Scandinavian Surveys: Copenhagen

One of Copenhagen's several man-made lakes.

Remember that time I’d tell you all about my visit to Copenhagen? Finally, the time is now! Sorry for keeping you waiting.

My Marquette roommate, Angela, and I, left for Copenhagen on June 19. Once again, I had the distinct pleasure of flying out of the main Frankfurt airport, since no budget airlines fly from Frankfurt Hahn to Copenhagen. Darn!

This was a particularly fun trip for us, because we both had several friends in Denmark who we had met last semester at Marquette. We had talked several times, not totally seriously, about coming out to visit them all someday, but had no idea that we would actually be able to make the trip – or that it would be so soon! But  because we wre mostly visiting Copenhagen to see friends, as well as the fact that Angela was staying another week in Copenhagen after I would leave, sightseeing was not a huge priority on this trip. It was about the people.

Angela and I arrived at the Airport in Copenhagen late on Thursday night. We caught a train to the central train station, and there our friends Mark and Julie met us. It was so strange seeing familiar faces in an utterly new setting. Angela and I were tired, but the night was still young. Mark and Julie whisked us off to a couple of their favorite bars, and we had a great and tiring first night in Copenhagen. We made it to Mark’s apartment (where we stayed) around 3 a.m.

We were late risers the next morning and hung around with Mark and his friends a bit. When we were sufficiently rejuvenated, we decided to do some walking and begin to see the city proper.

We were staying in a northern part of the city, Østerbro, but the city was pretty walkable. Angela and I figured out a general idea of places we’d like to see, and set off walking. I immediately began mentally comparing everything I saw to Stockholm, since both cities are major Scandinavian capitals with somewhat of a (friendly) rivalry. The Østerbro district definitely had a sort of Portland or Seattle vibe to me–a lot of trendy shops and restaurants and trendy looking people. It was also very urban, so not necessarily aesthetically pleasing in the classical european sense. It didn’t look much like Stockholm to me, but, then again, we mostly stayed in the city center in Stockholm.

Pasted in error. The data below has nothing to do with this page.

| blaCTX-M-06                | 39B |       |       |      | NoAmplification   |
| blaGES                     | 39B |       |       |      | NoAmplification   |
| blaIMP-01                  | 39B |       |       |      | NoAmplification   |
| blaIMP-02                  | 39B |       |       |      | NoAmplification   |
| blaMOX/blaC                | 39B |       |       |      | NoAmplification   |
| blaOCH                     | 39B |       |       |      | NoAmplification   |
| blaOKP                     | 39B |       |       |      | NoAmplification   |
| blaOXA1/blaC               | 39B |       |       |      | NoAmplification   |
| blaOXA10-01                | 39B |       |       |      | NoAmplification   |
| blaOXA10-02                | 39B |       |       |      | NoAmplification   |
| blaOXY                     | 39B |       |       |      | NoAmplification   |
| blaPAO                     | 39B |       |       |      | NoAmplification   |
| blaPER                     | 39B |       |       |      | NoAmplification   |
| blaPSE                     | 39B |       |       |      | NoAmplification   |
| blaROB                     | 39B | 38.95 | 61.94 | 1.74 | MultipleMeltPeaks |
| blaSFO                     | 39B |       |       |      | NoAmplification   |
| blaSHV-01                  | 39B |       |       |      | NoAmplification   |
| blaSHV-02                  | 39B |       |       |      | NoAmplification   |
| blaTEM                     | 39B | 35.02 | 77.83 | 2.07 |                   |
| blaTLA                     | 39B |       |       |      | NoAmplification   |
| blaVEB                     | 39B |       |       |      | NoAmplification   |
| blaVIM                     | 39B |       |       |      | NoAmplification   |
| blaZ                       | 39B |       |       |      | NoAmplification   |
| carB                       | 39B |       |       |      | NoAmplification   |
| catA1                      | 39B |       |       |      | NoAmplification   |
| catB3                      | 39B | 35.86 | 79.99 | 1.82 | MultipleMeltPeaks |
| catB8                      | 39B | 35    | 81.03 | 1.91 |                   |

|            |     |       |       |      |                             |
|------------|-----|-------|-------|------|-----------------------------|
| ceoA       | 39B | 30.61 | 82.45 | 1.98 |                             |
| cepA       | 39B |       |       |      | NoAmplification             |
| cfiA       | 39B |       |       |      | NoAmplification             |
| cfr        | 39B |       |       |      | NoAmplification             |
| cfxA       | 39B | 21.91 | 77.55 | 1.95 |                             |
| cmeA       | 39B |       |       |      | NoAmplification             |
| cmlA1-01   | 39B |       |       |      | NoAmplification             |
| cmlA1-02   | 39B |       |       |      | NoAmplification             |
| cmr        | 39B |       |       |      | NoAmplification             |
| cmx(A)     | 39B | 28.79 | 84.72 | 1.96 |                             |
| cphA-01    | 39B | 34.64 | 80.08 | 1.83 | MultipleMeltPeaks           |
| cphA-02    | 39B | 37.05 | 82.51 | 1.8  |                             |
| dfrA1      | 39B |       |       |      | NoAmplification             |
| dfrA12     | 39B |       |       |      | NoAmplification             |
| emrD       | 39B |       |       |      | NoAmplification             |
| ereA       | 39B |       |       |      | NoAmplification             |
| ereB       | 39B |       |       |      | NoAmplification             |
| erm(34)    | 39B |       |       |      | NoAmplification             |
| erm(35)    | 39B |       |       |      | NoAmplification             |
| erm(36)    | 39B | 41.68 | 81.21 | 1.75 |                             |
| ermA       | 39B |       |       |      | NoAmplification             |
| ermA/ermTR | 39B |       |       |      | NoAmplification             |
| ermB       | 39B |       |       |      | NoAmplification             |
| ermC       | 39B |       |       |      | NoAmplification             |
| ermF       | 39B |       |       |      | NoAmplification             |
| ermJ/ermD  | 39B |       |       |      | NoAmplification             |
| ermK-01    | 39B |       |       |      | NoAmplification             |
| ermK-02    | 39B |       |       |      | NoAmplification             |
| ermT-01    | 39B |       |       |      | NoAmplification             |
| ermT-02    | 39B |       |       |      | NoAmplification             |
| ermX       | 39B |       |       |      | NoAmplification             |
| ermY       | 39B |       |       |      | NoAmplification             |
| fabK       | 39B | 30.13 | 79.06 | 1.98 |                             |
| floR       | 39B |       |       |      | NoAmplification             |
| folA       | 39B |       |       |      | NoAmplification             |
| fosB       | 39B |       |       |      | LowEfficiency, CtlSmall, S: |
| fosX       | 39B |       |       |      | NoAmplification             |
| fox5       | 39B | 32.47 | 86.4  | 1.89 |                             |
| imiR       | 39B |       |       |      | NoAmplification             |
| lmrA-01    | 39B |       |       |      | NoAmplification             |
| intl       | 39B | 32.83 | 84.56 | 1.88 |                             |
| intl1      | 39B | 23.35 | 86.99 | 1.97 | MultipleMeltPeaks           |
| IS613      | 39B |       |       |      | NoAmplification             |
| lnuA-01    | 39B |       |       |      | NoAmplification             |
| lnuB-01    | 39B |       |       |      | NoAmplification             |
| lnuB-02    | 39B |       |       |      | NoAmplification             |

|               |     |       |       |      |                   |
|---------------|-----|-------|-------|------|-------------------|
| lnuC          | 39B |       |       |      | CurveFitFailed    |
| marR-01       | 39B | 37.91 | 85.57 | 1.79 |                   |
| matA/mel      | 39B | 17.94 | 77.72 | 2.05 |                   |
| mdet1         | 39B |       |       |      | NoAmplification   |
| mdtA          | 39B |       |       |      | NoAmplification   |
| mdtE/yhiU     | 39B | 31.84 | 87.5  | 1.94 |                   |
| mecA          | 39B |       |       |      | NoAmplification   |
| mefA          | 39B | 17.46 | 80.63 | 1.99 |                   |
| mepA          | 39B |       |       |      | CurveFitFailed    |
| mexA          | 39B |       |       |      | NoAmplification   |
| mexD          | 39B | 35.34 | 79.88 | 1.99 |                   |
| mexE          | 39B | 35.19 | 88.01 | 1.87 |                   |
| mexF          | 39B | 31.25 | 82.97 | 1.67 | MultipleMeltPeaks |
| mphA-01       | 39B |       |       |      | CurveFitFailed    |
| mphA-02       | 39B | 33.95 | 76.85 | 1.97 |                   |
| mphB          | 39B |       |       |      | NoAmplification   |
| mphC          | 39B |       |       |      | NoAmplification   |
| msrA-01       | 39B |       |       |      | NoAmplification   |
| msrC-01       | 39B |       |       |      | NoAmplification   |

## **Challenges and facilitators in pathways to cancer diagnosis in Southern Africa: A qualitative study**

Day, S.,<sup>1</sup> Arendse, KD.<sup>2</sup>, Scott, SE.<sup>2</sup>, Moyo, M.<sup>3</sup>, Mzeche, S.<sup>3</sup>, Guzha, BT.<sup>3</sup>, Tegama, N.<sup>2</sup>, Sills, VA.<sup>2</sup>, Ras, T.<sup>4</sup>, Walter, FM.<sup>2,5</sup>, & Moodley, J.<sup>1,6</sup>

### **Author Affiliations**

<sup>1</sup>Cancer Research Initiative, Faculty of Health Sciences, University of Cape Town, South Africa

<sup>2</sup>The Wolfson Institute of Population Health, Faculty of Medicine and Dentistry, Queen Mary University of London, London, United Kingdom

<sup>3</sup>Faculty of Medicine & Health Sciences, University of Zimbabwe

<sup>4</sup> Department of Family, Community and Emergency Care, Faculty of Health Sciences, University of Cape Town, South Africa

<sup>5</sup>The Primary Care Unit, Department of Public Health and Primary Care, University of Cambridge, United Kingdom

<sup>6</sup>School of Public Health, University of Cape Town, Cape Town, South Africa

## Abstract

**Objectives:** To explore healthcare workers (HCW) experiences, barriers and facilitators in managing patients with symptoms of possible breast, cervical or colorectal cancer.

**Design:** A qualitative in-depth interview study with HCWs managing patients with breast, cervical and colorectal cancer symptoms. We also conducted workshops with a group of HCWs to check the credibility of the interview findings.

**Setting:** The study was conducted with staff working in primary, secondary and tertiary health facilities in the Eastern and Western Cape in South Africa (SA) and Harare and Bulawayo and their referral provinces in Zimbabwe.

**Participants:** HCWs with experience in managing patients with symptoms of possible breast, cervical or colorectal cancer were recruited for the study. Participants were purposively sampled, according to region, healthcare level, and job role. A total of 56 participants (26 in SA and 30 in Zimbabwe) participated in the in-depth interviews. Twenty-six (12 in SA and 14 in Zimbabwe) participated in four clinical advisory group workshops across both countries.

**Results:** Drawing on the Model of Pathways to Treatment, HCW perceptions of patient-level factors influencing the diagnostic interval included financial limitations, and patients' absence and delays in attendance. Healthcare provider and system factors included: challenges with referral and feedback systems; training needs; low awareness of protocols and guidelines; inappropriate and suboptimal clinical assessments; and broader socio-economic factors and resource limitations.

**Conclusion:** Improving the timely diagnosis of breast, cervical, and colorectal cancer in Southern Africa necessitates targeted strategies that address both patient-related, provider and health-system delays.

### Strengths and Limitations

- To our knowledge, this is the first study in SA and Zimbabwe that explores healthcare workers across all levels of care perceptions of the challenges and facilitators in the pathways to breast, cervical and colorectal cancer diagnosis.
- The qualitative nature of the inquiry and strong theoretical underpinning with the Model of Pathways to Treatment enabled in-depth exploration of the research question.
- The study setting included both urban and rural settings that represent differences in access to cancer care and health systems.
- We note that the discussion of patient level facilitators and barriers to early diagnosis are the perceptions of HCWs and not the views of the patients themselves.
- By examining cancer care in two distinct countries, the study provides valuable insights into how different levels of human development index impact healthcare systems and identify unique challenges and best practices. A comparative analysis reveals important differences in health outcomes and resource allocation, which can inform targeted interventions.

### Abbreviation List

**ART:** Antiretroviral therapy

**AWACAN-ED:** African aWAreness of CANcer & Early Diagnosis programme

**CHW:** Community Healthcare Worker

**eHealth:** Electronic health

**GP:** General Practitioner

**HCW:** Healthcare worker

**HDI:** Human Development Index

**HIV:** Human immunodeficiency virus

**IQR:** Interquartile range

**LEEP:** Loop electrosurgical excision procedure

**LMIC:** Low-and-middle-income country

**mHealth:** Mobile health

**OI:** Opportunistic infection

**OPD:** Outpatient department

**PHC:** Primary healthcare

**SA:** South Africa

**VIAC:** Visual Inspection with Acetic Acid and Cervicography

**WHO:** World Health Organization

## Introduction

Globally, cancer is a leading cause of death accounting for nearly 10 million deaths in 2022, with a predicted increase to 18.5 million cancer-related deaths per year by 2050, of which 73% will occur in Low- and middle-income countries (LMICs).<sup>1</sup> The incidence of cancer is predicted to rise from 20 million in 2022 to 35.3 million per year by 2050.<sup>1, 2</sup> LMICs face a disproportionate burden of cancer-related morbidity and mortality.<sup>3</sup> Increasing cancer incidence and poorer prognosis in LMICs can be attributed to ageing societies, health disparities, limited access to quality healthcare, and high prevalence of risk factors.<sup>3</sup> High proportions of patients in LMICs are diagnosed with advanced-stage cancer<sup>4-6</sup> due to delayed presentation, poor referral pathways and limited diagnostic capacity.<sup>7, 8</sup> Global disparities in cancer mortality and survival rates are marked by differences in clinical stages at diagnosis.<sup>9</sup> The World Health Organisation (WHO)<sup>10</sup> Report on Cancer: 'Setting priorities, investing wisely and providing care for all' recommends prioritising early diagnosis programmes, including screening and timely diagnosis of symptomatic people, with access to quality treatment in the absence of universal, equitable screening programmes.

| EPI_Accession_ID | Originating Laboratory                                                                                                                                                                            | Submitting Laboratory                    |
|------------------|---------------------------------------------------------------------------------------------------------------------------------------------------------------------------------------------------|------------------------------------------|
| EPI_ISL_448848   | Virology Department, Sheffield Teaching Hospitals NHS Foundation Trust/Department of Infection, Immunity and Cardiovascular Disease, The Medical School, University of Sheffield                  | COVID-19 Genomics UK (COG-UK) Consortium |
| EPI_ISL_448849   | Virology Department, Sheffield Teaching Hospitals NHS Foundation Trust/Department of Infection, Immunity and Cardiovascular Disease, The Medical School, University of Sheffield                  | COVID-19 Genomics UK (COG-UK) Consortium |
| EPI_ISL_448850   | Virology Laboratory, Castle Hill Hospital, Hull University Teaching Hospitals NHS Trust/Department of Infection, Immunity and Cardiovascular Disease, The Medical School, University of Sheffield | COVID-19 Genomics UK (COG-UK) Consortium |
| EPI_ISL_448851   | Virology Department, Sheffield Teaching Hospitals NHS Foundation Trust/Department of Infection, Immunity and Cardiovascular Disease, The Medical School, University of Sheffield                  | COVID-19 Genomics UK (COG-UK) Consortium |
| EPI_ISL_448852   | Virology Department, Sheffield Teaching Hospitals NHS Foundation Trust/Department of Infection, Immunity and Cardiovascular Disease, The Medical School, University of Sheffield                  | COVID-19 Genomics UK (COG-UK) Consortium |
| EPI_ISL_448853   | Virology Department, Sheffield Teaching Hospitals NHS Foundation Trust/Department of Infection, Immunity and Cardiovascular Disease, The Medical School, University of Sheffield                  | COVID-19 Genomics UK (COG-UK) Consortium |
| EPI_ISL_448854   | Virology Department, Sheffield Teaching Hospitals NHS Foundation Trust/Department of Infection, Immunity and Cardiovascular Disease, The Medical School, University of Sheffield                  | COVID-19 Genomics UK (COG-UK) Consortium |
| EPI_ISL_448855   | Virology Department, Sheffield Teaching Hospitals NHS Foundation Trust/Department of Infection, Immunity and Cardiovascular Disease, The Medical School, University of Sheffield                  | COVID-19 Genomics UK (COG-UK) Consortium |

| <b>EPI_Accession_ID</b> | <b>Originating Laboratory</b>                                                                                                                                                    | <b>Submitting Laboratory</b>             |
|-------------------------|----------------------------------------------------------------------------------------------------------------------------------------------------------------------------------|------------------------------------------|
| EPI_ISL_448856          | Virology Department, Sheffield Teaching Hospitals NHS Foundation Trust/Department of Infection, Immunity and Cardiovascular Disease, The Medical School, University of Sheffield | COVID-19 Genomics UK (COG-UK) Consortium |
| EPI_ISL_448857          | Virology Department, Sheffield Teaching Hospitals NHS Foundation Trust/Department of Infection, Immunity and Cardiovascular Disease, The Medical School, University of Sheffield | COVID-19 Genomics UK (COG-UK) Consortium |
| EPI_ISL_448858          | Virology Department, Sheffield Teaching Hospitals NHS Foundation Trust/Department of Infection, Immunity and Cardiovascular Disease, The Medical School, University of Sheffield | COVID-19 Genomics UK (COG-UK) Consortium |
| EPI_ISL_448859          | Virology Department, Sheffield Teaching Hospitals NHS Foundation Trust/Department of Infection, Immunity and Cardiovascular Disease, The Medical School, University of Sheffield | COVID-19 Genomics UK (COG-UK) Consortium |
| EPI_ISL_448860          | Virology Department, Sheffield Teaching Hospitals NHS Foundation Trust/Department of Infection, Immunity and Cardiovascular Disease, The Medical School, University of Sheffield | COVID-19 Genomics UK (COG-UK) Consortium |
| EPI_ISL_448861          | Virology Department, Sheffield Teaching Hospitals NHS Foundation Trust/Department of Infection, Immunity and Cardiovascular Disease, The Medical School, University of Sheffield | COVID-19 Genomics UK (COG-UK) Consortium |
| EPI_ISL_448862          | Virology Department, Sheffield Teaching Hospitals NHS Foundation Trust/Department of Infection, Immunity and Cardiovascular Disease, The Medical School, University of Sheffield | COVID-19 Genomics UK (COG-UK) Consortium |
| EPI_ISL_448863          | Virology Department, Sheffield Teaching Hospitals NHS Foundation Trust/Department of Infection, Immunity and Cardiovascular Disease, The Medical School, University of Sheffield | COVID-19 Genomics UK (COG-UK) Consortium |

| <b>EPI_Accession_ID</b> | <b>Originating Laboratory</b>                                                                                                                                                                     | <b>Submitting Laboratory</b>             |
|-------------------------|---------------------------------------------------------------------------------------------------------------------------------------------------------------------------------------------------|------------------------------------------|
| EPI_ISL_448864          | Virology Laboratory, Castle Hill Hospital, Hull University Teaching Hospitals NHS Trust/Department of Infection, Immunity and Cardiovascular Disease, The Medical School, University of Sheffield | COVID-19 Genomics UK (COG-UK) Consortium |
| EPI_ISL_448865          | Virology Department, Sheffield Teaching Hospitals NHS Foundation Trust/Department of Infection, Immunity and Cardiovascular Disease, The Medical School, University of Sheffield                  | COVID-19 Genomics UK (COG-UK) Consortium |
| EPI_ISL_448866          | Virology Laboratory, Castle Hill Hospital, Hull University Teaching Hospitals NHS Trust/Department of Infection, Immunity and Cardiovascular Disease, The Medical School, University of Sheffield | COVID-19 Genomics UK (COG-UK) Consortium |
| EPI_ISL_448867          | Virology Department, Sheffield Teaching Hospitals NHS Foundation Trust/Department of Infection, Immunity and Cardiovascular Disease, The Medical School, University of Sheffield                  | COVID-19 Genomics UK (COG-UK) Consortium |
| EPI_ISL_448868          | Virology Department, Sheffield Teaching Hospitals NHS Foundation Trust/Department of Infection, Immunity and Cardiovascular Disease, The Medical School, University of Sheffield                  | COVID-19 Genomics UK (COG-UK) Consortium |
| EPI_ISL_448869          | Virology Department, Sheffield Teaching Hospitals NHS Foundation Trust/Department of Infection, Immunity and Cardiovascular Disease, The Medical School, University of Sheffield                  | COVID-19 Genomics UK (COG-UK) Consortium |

Our first stop was the Assistens Kirkegården, a cemetery where some notable Danes were buried. We saw the graves of H.C. Andersen, Niels Bohr and Søren Kierkegaard. The graves were all fairly nondescript, but the cemetery itself was quite lovely and very pleasant to walk around.

Rosenborg Slot

From there we worked our way into the city center, crossing one of the many bridges spanning the series of man-made lakes that ring the western side of the city. We then went to Kongens Have, the Kings Gardens (although on the way there was an embarrassing dumb tourist moment in which I tried to enter a restricted military compound. oopsies.). Located in the gardens is the Rosenborg Slot (castle). The castle was built in the 1600s and had been used periodically as a residence for the royal family. The crown jewels are located here, but the castle was closed by the time we got there. It was quite lovely to look at from the outside, though.